President Donald Trump delivered payback Friday to two key witnesses who testified in the House impeachment inquiry, firing Gordon Sondland, the U.S. ambassador to the European Union, and removing Lt. Col. Alexander Vindman from his White House job.
Both officials provided critical information about Trump during public hearings, with Sondland saying the president sought a "quid pro quo" with Ukraine's leader and Vindman criticizing Trump's conduct during a July 25th phone call with Ukrainian President Volodymyr Zelenskiy as "improper."
The moves came hours after Trump was asked about his press secretary's comments that his opponents should pay a price. “Well, you’ll see," the president told reporters.
Sondland said in a statement Friday night, "I was advised today that the President intends to recall me effective immediately as United States Ambassador to the European Union."
Jon Tester wrote about the need to call witnesses “NOW.” Tina Smith scribbled “protecting the election” – and underlined it. With a blue pen, Tim Scott declared “What a hot mess!”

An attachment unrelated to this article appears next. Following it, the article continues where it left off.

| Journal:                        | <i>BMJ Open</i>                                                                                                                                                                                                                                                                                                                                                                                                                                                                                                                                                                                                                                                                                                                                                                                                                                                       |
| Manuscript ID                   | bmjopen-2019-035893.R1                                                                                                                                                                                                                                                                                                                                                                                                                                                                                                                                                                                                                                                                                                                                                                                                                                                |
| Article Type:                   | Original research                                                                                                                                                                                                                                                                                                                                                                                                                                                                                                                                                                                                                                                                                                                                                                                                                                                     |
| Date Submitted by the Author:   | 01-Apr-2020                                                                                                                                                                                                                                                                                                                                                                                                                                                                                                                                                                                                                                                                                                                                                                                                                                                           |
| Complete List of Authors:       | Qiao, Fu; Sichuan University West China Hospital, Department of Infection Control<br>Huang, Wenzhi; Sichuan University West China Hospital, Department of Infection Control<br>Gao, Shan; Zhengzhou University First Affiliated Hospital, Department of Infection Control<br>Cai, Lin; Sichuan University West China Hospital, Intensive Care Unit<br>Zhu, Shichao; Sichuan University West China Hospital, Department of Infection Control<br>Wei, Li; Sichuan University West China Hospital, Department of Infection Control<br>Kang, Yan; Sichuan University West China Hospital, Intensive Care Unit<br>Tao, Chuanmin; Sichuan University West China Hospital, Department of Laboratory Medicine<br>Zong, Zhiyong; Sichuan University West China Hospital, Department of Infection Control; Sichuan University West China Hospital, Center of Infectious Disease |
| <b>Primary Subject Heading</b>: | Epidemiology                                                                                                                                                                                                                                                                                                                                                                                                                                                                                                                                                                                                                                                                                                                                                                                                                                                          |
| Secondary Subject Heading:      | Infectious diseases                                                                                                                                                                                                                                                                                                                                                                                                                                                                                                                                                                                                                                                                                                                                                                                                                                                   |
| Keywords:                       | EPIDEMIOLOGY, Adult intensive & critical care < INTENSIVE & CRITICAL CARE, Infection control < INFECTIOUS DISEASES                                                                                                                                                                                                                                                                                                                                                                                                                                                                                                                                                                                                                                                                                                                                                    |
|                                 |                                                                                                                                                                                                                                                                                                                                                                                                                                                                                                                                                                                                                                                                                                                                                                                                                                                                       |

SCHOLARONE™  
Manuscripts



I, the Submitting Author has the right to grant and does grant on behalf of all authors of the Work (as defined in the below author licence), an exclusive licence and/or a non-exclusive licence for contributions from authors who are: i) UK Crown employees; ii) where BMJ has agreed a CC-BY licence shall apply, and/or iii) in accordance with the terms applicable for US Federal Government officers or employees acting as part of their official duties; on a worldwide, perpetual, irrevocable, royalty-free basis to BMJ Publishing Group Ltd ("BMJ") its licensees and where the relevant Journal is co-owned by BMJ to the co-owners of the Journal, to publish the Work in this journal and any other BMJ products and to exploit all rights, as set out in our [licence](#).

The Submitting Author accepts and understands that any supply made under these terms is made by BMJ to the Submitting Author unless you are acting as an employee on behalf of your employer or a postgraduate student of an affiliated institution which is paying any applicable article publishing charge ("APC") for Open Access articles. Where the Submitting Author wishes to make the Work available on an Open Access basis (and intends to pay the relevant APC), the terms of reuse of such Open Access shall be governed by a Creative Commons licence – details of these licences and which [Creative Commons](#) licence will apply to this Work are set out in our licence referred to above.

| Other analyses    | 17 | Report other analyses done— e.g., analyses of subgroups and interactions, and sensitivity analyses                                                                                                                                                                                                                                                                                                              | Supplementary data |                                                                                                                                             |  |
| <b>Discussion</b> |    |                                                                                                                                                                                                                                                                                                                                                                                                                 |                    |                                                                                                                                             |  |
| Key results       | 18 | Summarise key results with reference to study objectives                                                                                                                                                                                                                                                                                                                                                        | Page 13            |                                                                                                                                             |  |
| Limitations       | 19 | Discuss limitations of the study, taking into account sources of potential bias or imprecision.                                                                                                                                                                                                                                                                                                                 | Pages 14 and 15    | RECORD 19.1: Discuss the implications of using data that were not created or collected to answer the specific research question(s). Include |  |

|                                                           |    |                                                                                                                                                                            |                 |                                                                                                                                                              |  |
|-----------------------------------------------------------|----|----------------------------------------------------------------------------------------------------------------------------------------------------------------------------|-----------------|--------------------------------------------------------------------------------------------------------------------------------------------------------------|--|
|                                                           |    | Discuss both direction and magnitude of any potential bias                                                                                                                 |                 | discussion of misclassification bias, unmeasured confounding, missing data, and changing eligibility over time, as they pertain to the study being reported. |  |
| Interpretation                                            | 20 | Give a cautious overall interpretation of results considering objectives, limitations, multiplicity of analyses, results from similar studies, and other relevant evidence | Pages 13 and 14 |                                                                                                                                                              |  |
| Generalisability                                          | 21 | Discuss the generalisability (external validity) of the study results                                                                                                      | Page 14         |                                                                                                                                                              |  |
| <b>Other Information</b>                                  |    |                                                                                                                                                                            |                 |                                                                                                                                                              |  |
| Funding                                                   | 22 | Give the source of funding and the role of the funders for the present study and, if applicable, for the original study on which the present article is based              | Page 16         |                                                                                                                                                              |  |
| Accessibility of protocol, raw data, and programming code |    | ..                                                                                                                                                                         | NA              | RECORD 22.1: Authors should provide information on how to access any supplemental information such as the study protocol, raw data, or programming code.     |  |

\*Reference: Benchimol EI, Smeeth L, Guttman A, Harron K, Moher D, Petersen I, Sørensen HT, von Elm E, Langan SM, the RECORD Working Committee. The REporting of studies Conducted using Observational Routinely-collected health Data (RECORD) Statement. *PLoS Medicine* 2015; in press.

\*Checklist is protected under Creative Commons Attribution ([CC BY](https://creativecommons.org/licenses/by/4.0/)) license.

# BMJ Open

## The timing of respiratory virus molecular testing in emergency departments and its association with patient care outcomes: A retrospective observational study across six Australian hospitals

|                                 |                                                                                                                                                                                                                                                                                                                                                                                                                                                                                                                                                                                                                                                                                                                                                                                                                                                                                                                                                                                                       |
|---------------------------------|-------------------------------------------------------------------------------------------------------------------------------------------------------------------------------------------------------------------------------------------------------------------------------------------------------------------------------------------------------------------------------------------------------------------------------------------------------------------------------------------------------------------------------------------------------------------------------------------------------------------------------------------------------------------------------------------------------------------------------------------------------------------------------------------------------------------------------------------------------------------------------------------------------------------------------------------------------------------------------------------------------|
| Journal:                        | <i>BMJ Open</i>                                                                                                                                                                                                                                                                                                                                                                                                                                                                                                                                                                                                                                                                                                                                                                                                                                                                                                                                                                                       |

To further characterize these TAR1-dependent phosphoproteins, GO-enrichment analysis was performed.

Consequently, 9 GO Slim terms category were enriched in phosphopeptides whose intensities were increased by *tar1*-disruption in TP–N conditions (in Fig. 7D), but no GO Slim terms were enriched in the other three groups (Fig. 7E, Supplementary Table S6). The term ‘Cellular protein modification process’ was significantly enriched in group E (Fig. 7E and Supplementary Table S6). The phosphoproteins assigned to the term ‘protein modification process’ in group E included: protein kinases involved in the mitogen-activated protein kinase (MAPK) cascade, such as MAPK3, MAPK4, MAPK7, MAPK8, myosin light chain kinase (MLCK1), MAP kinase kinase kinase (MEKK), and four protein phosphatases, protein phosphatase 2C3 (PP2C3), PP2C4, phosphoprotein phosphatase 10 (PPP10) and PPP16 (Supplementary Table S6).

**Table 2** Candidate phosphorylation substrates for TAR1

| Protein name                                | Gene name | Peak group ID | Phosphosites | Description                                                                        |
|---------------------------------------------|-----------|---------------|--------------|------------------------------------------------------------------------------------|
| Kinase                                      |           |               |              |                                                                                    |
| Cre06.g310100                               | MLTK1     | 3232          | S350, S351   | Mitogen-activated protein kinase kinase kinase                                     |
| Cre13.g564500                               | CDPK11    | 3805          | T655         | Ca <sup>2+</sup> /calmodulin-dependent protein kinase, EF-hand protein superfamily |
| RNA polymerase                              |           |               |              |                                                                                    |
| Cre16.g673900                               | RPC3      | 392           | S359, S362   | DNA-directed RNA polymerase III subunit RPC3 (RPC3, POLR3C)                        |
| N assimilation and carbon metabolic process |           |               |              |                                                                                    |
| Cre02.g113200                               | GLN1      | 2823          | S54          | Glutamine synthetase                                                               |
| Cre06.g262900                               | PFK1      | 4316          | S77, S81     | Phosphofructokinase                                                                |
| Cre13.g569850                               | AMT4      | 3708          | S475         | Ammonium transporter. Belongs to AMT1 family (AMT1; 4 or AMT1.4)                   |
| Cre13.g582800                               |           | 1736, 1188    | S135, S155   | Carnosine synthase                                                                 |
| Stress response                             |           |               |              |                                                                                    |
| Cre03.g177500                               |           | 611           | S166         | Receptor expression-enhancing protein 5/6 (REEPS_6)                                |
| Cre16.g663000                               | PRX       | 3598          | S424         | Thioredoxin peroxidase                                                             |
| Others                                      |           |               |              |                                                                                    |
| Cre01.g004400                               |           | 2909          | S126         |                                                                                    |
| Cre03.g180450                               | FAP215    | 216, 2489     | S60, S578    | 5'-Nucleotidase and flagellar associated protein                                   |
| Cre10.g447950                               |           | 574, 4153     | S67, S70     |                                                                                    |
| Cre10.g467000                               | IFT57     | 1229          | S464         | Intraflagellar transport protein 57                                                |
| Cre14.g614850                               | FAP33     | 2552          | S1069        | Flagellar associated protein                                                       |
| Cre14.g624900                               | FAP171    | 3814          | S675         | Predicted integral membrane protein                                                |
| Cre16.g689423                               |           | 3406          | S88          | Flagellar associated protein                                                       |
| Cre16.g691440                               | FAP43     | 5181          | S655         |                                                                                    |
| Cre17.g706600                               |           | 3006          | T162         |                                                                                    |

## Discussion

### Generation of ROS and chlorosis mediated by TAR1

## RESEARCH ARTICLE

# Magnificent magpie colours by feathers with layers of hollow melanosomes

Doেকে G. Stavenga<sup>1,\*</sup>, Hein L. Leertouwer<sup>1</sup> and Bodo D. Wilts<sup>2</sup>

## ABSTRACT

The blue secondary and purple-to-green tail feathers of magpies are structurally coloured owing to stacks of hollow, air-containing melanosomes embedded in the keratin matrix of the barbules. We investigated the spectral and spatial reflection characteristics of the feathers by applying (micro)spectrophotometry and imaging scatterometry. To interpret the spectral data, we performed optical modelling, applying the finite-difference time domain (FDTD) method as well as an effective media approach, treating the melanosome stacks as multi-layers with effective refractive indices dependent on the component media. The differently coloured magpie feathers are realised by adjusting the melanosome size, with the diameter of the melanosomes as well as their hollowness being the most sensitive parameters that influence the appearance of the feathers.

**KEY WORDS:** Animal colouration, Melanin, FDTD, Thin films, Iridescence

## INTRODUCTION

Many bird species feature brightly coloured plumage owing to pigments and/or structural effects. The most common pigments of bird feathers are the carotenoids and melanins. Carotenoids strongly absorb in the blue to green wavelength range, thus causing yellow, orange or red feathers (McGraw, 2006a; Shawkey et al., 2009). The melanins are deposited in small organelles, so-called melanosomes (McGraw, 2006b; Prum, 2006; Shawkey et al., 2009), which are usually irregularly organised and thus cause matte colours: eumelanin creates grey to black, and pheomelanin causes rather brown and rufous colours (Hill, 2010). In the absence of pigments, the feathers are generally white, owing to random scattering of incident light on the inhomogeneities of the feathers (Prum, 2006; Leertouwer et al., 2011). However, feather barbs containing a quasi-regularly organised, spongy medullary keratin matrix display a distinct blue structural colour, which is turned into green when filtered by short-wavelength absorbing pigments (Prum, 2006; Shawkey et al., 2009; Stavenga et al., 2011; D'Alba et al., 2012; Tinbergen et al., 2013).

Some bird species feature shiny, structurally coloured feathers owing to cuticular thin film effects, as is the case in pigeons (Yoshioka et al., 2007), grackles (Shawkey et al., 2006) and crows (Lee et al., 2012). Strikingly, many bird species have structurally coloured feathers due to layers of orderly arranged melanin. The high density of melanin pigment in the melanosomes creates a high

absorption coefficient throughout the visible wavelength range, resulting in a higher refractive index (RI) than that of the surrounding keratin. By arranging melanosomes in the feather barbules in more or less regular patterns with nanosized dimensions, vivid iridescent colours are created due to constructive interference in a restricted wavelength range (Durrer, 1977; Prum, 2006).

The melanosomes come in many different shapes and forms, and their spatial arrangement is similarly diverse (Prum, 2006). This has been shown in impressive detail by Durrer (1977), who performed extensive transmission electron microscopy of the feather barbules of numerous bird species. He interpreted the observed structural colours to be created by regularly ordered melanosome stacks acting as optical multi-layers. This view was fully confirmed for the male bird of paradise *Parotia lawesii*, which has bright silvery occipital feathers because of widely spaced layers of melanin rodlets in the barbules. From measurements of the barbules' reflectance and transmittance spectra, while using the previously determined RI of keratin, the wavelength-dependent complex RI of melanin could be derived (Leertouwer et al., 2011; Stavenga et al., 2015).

For 13 days, 100 senators absorbed the arguments during the impeachment trial – and ultimate acquittal – of President Donald Trump. They weren't allowed to speak but they had a lot to say.
Prohibited from using phones or computers, members could only record their thoughts on one of the most consequential votes of their careers using the same technology they used in grade school: pen and paper.
And by doing so, senators instantly created historical artifacts.
USA TODAY reached out to dozens of senators and asked for a few pages of their notes during the trial. Seven of them – three Republicans and four Democrats – shared part of what they wrote. What they provided offers a glimpse of what senators, who acted as jurors in the historic proceedings, thought was important to record at the time – in their own words and in their own handwriting.
Some filled multiple notebooks, legal pads or small, bound journals at their mahogany desks as they sipped from glasses of milk or water. Others jotted just a few thoughts while others copied verbatim arguments from House impeachment managers and members of Trump's defense team. In black and blue ink, they underlined, starred, circled and bullet-ed what stood out to them.